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Less is more

Netanya Shaffin, Dimensions Yearbook
Small class size gives private school students an academic edge.

The national average class size for public schools is 24 students. The average class sizes for Walter Johnson High School and Sherwood High School, two local public high schools, are 26 and 21 students respectively (2019-2020). Yet, the average class size at CESJDS is 13 students. What are the implications of this variation, and how does class size positively or negatively impact students? 

Significance of Class Size

Studies surrounding ideal class size have circulated for years, coming to various conclusions. However, the general consensus is that smaller classes pose many benefits. According to eSchoolNews, some of these include improved teacher-student relationships, more customized instruction, collaboration in the classroom and teacher retention. 

These first two advantages draw from the teachers’ ability to provide more individualized attention. When teachers have time to address each student individually, they are able to build stronger relationships with their students. Additionally, with fewer students, teachers have more time outside of class to offer help, thus improving these connections. Teachers can gain a better understanding of the teaching methods and speed of instruction that fits their students’ needs. 

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Sophomore Mia Endelman, who has been home-schooled, attended public school and is a current JDS student, attests to the advantages of small class sizes and improved teacher relationships. 

“You definitely learn better with small classes…because the teacher can pay individual attention to you,” Endelman said. “In a class of 30 people, you’re either moving too fast or too slow.” 

Howard Community College English professor Helen Clark, and former English staff support at Rockville High School, has seen first-hand how difficult it is for educators to connect with students and determine what they are struggling with in such a large classroom setting. 

“I definitely believe very strongly that the relationship between teacher and students is really vital to students’ engagement,” Clark said. “When you have a really big classroom, really experienced teachers that are like super wizards can zero in on some [struggles], but it’s just a lot harder because you have so much going on, so much content that you need to teach and so many papers to grade.”

Smaller classes not only impact the relationship teachers have with their students, but they also impact the relationship students have with one another. eSchoolNews explains that increased collaboration in the classroom emerges when students are more comfortable interacting with each other. 

“It’s easier if you’re friends with everyone in the classroom, and you’re having a class discussion, it’s easier to open up and talk,” Endelman said. “Not so much in a big class where you know half the people, but not the other half, so you get nervous with the other half.”

Aside from student experience, it is also important to note that 10% of teachers cite class size as their reasoning for leaving either their schools or profession entirely, according to eSchoolNews.  

According to Academic Dean Aileen Goldstein, JDS is aware of the research regarding class size and takes this into account when building schedules. JDS classes are capped at 18 students. Any classes that surpass the limit require permission from the principal. The largest class this year, a section of World History I, has 21 students. In contrast, Montgomery County Public School classes cut off at 29 students for English classes and 32 students for all other classes.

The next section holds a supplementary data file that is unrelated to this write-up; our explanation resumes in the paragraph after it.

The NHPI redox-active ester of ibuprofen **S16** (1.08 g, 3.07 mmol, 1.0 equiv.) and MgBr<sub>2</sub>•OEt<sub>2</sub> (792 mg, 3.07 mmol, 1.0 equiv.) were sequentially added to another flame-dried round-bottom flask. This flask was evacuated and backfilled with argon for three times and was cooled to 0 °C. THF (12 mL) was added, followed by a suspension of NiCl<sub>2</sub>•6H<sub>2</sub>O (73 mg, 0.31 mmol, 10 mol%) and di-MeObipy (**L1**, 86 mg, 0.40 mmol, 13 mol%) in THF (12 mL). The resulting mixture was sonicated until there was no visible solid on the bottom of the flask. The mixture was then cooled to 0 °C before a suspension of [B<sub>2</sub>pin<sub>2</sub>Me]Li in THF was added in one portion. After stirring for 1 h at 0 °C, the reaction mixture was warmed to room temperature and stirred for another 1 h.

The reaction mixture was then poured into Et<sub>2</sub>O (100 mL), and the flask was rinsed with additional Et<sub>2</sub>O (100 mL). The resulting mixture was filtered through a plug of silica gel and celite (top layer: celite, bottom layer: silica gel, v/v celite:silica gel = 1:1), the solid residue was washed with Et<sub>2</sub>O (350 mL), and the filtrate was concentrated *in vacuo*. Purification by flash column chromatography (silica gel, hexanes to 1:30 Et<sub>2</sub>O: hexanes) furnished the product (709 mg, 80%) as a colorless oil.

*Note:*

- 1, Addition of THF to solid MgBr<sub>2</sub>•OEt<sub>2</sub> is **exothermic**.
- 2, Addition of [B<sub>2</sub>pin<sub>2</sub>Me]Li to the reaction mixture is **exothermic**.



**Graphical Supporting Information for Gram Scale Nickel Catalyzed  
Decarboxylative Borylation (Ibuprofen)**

“One of our goals as an independent school is to really provide as much individualized attention as we can in order to invest in meeting the individual needs of each student,” Goldstein said. “The smaller the class and the better the student-teacher ratio, the more you can give attention to each individual student and their needs at the same time.”

However, the school also recognizes the disadvantages of having a class be too small. The smallest class running this year is two students.  

“We also are looking for critical mass, because we have put tremendous value in the group experience and in the rich conversation that comes when you have a critical mass in the classroom together,” Goldstein said. “Because of our emphasis on pluralism and our emphasis on critical thinking and processing, you really need to hear a multitude of perspectives, and so there’s that sort of a healthy balance in between.” 

Class Size and College Admissions 

Smaller class sizes enable students to receive their education in a more intimate learning environment, which provides many benefits to the college process. 

JDS provides its students with a bounty of resources for college preparation through its college guidance department. However, another element of JDS education that prepares students for the college process is classroom engagement.

Director of College Guidance Sue Rexford explained that classroom dynamics can help students prepare for both standardized tests and written applications, in a way that external help cannot.

“… [What I think] JDS does really well, by the way, is critical analysis, critical thinking, close reading skills: the types of things that you do in many of your classes and you don’t even realize what a difference that’s going to make when you sit down to take a standardized test,” Rexford said.

With Rexford’s point of the JDS classroom preparing students for the college process in mind, the quality of the content is not the same when class sizes are larger. As part of the process of earning her Masters Degree, Sarah Leahy of Marygrove College surveyed a group of teachers about their opinions on the impact of smaller classes on students’ quality of learning. In the survey, the consensus was that smaller class sizes allow teachers to spend more time focusing on “the curriculum being taught instead of discipline and other issues that are occurring around them.”